You can doctor up your beans a bit if you'd like.

I normally add a little fat (of your choice) some leftover taco seasoning and about 1/2 a cup of vegetable stock and let them simmer for a bit. You can smash them a little to get them creamier.

But I digress.

Back to the sauce.

Once the sauce comes to a boil, drop the heat to a simmer until it thickens up (uncovered). It'll take 30 minutes at the least. 


I'm using 4 tortillas, so I like to portion out my filling before I use it.

Fill your torts with 1/4 of the filling mixture.

I had some leftover salsa that I used along with some of the black beans, but this wasn't necessary. It's just fine with just the chorizo/onion/garlic mixture but you can add what you feel like!

I rolled them up and placed in a greased 2 quart baking dish.

It fits 4 burritos perfectly.

Your beans are done with they are nice and creamy.

Your sauce is done when it's nice and thick.

Season with salt. I started with about 1/4 teaspoon but taste as you go.

If it gets too thick on you, dilute with some water. I had to. It'll still taste great.

Bake the burritos at 400F for about 15 minutes or until they are just getting crisp around the edges.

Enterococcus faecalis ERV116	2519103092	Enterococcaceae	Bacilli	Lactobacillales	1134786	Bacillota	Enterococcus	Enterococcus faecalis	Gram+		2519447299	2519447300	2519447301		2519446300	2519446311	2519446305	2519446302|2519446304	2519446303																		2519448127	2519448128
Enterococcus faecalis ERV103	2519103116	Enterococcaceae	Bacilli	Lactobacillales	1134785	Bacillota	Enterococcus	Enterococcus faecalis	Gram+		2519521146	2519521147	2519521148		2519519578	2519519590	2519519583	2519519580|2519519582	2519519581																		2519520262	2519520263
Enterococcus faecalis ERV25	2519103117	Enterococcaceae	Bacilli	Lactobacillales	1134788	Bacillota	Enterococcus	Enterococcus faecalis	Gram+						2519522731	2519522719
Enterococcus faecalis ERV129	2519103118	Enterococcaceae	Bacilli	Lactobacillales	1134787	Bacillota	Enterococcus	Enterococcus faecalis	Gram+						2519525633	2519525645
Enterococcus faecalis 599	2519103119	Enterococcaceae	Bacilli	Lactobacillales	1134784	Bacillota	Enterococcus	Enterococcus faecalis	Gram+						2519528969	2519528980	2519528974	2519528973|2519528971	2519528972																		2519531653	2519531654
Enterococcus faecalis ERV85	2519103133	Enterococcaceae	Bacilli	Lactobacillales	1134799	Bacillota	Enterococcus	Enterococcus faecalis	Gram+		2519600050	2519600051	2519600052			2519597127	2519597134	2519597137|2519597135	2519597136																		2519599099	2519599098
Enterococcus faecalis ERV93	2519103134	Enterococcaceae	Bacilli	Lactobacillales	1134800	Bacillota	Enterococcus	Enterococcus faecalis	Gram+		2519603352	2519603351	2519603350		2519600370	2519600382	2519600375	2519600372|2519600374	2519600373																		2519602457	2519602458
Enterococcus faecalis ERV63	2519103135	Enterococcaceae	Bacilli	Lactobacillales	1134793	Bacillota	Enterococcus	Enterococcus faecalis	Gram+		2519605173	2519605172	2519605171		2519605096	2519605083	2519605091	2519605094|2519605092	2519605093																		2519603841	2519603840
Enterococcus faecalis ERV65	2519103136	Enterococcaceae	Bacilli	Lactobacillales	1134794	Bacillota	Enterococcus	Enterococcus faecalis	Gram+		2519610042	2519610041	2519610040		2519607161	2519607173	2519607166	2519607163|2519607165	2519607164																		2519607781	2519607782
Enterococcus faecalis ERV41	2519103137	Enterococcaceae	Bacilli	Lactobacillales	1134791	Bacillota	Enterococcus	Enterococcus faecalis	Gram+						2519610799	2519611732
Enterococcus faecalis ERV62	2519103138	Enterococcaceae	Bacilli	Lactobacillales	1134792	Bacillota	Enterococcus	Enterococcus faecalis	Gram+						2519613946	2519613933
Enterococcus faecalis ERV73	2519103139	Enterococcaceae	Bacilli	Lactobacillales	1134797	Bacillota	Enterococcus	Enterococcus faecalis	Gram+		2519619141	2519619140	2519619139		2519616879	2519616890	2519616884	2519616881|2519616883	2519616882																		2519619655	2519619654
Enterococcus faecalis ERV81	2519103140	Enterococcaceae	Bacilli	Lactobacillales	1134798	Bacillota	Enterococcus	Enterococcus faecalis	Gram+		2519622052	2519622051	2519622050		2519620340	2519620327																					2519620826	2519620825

Prep your garnish of cilantro and sliced onions.

When your burritos are done, pull from the oven and stand by.

I plated each one individually.

Pour your sauce over top.

Garnish with cilantro and onions and dig in.


These burritos were surprisingly delicious. The sauce was outstanding and complimented the filling really well. It was smooth and rich and flavorful - almost like a black bean soup. You could taste the essence of the anise and bay leaf, which I thought was really good. The soyrizo was very satisfying and the flavor was complex with just the right level of heat. I also really liked the crispness of the tortillas as they held up to the sauce a bit better than if they were uncooked which added a nice textural element. 

Overall this was a fairly simple meal to put together and yielded great results. Next time I think I will try the more traditional enfrijoladas plating just to see the difference.

Give this a try if you're sick of your old burritos or enchiladas!



I actually just made these last night and stayed with the tradition of the enfrijoladas as the original recipe was written and man, it was great.

Here's a pic of what it looked like:

I just dipped the flour tortillas (though corn is more traditional) straight in the sauce and folded them over and spooned some of the black bean sauce over top.

Then I topped the whole thing with this fantastic Roasted Tomatillo Salsa from Rick Bayless (which you can actually buy at the store under his Frontera label), chorizo, queso fresco, sliced onions and some parsley (as that's how it's done in Oaxaca, apparently - no cilantro).

I have to admit, I actually enjoyed the traditional way very much but making this as a burrito was still very good. All the flavors are there, it's just texturally much different like this.

Either way, give it a try!